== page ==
One particular day I decided to head in over another main ridge where I found some beautiful green feeder gullies. It didn’t take long to see my first hind and, with moose in tow, a quick shot saw her drop on the spot. Moose was excited and it was a great feeling seeing him enjoy it as much as he did.
Sighting in and working out dope to 600 metres.
This milestone set him up to work fresh marks really well, putting me on to a number of deer but unfortunately, they were all hinds and one spiker. He works out at around 30 metres from me, which I personally like, being in the hunt with him is important, in my opinion. He hasn’t picked up on the pointing so much but that’s fine with me he just loves being out there with me.
Recently I decided to tackle this patch of country differently by walking in from the bottom end of the valley where it goes out to the farm country. This time in particular, Moose had me cutting up a steep face, wind scenting all the way up. We finally cut fresh marks and his nose hit the ground,
Jared’s bundook, a beautiful Kimber Mountain Ascent in .280 Ackley Improved.
we followed them up and over into the next system. Cutting down the next gully I spotted a hind on the adjacent face with a fawn. I pulled moose up and back to my feet and I began glassing around them, expecting to see a stag. I moved another couple of metres down when I spotted one between a dogwood thicket he looked reasonable (and I wasn’t going to be picky at this stage). I got down and took the shot off my knee and down he went. We went to head straight over when I spotted a second bigger stag take off over the ridge but I couldn’t get a shot.
We headed over to the downed stag and when Moose got to him the stag stood and ran straight at me. I took a step to the left and shot him off the end of the barrel through the neck, he then piled up this time for good. An absolute heart racer for Moose’s first stag and he couldn’t have been more excited. It’s these moments that you really appreciate hunting over a dog.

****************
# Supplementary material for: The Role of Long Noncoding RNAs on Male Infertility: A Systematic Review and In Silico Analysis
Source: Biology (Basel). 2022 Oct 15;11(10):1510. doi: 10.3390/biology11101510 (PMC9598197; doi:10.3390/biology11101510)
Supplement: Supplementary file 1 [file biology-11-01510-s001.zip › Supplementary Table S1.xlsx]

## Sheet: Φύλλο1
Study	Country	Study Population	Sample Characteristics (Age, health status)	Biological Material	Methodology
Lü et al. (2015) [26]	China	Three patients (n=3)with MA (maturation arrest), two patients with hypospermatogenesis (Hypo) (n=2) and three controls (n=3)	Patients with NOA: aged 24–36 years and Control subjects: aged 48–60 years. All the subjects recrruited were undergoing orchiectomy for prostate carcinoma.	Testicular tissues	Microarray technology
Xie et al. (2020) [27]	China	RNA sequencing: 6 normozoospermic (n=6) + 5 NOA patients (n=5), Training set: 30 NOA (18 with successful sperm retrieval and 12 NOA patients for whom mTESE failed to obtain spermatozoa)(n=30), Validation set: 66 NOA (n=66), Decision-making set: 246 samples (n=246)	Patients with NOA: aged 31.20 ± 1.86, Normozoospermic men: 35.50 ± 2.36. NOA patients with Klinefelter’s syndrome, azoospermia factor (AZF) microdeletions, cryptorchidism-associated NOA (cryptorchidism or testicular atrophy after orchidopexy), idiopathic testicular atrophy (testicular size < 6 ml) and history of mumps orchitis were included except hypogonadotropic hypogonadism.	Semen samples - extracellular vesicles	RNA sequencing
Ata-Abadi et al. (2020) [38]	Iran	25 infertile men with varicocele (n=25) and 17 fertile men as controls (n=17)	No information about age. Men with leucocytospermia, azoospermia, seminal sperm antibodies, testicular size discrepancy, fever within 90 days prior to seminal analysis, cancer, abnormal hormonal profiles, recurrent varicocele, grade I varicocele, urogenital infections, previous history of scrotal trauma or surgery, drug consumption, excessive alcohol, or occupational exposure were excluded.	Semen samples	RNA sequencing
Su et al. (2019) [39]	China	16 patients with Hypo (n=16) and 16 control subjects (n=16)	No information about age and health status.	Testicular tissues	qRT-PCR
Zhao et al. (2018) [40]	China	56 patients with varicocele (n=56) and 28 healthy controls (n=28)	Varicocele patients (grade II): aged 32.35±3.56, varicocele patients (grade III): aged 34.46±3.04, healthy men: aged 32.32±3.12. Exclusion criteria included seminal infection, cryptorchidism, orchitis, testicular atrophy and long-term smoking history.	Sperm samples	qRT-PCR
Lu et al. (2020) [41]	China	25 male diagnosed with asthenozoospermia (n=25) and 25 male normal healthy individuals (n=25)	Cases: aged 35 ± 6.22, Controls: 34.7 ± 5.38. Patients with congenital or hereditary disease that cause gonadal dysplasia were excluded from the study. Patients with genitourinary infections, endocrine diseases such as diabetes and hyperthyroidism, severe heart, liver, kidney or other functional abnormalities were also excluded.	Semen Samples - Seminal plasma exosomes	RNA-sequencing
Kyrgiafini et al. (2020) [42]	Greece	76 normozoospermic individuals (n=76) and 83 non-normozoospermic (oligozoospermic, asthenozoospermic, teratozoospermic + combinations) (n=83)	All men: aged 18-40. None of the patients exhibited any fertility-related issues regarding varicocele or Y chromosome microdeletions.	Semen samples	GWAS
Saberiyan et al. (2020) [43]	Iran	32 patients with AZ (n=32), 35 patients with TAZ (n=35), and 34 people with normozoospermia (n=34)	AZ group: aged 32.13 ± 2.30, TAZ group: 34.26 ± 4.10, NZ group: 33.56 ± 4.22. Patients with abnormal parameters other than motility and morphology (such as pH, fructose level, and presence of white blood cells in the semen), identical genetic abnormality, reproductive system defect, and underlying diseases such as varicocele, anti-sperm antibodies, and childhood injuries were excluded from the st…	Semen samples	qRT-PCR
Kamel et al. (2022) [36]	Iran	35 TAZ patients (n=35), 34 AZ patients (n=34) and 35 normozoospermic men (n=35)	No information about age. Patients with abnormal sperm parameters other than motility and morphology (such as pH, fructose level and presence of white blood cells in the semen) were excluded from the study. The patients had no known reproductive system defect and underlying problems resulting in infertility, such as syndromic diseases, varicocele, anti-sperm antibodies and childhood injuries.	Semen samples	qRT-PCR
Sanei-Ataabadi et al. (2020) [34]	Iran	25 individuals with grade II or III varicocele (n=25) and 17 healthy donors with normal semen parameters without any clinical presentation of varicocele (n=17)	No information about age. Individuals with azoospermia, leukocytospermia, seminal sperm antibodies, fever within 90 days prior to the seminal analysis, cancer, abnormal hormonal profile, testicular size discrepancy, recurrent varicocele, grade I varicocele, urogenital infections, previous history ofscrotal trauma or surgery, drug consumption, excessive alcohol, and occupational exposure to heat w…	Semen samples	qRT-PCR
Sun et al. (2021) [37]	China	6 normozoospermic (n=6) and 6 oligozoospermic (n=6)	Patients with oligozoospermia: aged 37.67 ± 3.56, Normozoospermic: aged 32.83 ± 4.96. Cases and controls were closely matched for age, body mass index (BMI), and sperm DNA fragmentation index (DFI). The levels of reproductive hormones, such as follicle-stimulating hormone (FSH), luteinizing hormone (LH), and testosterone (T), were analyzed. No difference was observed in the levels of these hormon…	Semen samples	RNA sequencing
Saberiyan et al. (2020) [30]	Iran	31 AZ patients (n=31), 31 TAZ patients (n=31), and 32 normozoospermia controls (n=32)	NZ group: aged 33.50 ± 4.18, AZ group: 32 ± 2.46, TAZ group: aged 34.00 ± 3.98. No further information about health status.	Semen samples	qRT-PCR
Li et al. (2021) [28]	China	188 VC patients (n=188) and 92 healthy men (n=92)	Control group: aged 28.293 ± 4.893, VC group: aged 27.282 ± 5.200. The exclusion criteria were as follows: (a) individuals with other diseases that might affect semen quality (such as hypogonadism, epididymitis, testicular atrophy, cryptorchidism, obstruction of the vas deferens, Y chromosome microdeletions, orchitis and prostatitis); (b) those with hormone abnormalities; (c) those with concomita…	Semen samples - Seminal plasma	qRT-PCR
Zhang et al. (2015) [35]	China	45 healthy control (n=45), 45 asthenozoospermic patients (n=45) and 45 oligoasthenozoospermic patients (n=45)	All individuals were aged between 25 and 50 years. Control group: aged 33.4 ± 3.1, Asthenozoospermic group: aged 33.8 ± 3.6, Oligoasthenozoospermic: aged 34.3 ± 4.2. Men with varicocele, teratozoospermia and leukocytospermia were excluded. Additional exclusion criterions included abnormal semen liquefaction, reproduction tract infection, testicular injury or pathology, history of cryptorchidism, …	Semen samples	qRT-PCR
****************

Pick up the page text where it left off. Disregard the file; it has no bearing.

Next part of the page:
A few weeks later the weather had started to heat up and plenty of snakes were around. Consequently, the bush is no place for a dog this time of year. It has got to the point where I feel guilty heading into this bit of country without Moose, who helped me discover it and learn how to hunt it. But that big stag which busted off after I shot the last one was playing on my mind, I needed to get cameras in there and try turn him up.
I refreshed the two Bushnell game cameras with new batteries and SD cards. After working Melbourne Cup day, I headed up the bush with the intention of getting a decent way into a wallow I had found in the same system I took the stag. We had a couple of wet days prior which made the bush quiet under foot, I got in to the first gully system and started to sneak my way along looking into the open spots that were getting some afternoon sun. I started to move again when I noticed a tiny bit of movement, I put the bino’s up and all I could see was part of an antler and neck of a deer. I put the rifle up and I could now make out a massive inner. I had nothing to steady the shot, but I put the cross hair on his neck and felt confident to take the shot. I squeezed the trigger off and down he went, I could see through the scope a decent amount of antler. I gave him a few minutes and then made my way over to him, I could only make out one antler from a distance which at first I thought he was a malformed stag.
The stag as he was found – he cast the antler upon falling dead to the ground.
Further investigation revealed that his antler had cast from the impact of the shot. It was a bitter-sweet moment shooting this stag, as I really wished Moose was with me to experience. On the other hand it was great to finally take a respectable trophy from my local patch of bush. Being so close to the car I had him caped out, butchered and the whole deer back in the ute before dark.
He was a mature stag that had his fair share of battles with torn up ears, battle scars and good weight in his antlers. I am near certain he was the one that got away on the previous hunt and he is the kind of animal that keeps me walking those mountains in search of the unknown.
Happy and safe hunting.
Tailpiece: Moose and old casties.